The story of Martha and Mary is well known. Jesus visits their village and Martha welcomes him into her home. With Jesus, of course, comes his whole entourage: disciples and other followers. Martha gets busy making preparations for meals and other hospitality. Mary, on the other hand, sits down at Jesus’ feet to listen to his teaching. Martha is more than a little put out:
But Martha was distracted by all the preparations that had to be made. She came to him and asked, “Lord, don’t you care that my sister has left me to do the work by myself? Tell her to help me!” (v. 40).
She was probably not merely distracted, but pressured and stressed. She could have approached Mary directly and asked her help, but instead approaches Jesus, asking him to address Mary on her behalf. I wonder if things might have gone differently if Martha had quietly addressed Mary directly. Instead she questions Jesus—with a question that has a hint of accusation; “don’t you care?” Martha’s annoyance was not without cause: there was much to be done, and it is likely that Mary would usually participate in all the work of preparation. Showing hospitality to guests was a crucial cultural requirement in ancient Israel, and Martha was doing what she and Mary could be expected to do. We need also remember that Martha was doing good, working hard to serve others, to serve the Lord.
Jesus answers Martha, but not as she might have hoped. He ignores her request, refusing to act as a go-between between Martha and her sister. It suggests that perhaps she should have been more direct. (Note to self! How often do I pray that God might do something because I am hesitant to address a situation that I am, in fact, responsible for?) But nor does he take her implicit criticism personally. He does gently correct her, however, his “Martha, Martha” naming, acknowledging, and recognising her.
“Martha, Martha,” the Lord answered, “you are worried and upset about many things, but only one thing is needed. Mary has chosen what is better, and it will not be taken away from her” (vv. 41-42).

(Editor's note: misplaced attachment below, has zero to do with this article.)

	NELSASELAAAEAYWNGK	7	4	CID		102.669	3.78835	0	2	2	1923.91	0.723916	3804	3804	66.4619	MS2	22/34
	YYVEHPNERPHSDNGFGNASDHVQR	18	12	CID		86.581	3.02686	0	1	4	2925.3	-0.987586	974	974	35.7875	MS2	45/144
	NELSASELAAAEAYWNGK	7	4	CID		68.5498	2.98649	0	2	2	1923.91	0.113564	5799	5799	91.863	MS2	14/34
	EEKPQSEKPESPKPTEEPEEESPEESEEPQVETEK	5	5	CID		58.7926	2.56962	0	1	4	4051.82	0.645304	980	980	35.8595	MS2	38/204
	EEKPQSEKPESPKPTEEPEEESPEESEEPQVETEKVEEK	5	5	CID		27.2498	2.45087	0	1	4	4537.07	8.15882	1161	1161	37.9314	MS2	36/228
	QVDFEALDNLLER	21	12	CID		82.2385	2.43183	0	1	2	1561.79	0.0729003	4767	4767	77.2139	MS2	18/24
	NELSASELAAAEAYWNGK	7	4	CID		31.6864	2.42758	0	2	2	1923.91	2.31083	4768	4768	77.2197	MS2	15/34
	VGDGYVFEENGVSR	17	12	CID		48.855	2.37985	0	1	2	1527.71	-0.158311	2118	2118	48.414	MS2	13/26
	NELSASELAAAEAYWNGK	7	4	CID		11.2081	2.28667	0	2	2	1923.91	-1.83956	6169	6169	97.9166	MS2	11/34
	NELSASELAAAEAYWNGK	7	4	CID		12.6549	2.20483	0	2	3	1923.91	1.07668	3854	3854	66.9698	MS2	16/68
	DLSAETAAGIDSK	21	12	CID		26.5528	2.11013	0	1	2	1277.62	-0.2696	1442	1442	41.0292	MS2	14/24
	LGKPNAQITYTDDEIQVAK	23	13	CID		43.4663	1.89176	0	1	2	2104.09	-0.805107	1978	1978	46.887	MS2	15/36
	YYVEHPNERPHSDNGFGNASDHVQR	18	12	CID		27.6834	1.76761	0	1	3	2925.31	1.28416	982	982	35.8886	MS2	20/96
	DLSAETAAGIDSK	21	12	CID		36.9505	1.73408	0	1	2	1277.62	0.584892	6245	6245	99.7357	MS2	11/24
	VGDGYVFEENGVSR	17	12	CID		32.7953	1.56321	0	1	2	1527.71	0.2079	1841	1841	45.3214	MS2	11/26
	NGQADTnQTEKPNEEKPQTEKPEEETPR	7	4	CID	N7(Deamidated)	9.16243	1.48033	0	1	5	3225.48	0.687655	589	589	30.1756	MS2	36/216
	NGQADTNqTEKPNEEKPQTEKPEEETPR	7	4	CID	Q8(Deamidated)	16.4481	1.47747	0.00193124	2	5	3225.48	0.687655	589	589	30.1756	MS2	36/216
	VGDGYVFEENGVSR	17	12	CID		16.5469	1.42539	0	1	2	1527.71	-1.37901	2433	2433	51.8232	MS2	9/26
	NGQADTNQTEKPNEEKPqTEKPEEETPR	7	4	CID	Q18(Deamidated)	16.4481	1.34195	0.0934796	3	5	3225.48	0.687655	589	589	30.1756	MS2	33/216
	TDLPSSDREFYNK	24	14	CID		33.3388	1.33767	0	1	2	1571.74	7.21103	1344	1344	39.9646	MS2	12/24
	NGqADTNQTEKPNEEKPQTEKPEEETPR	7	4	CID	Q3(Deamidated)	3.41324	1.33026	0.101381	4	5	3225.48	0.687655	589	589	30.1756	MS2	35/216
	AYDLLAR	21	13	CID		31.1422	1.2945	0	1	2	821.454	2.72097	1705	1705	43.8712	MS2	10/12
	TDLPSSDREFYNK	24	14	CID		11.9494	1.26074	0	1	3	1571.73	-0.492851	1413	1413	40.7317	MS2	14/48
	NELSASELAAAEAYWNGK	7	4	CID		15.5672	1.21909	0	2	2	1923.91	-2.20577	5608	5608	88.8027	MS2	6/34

Somehow Jesus perceives that Martha’s upset in this instance is characteristic of her life in many things. Nevertheless, only one thing is needed—“man does not live on bread alone” (Luke 4:4)—and this, Mary has chosen. Jesus’ words here are revolutionary in at least two ways. First is his insistence that only one thing is needed; the one necessary thing, the one crucial element without which we cannot go on, the one essential of all discipleship and ministry—to sit in Jesus’ presence and hear his teaching, his word of instruction, command, and promise. Second, Mary has chosen this. A woman might normally be expected to be working behind the scenes, involved in the preparations, doing that traditionally assigned as women’s roles. But Mary has chosen something different “and it will not be taken away from her.” “No,” Jesus is saying, “I will not tell your sister to help you. What you are doing is good and important, valued and required. What Mary has chosen is better.” A woman might choose a different path to traditional expectation, and Jesus will commend rather than rebuke her, if that path is to sit at his feet as a disciple, and to hear his word.
A prominent feature of Luke’s gospel is his frequent—and surely deliberate—use of women as models of discipleship. The contrast between Martha and Mary is that between good and better, and Mary serves as an example of the ‘better’ that every disciple might emulate. At the beginning of another year which will likely be just as busy, just as difficult and pressured and demanding and work-filled and distraction-filled and stressed as the last year was, it is imperative that we pause to remember the one thing needed: to sit in Jesus’ presence and listen to his teaching, allowing him to address us, hearing his word, and of course, doing it (Luke 11:28).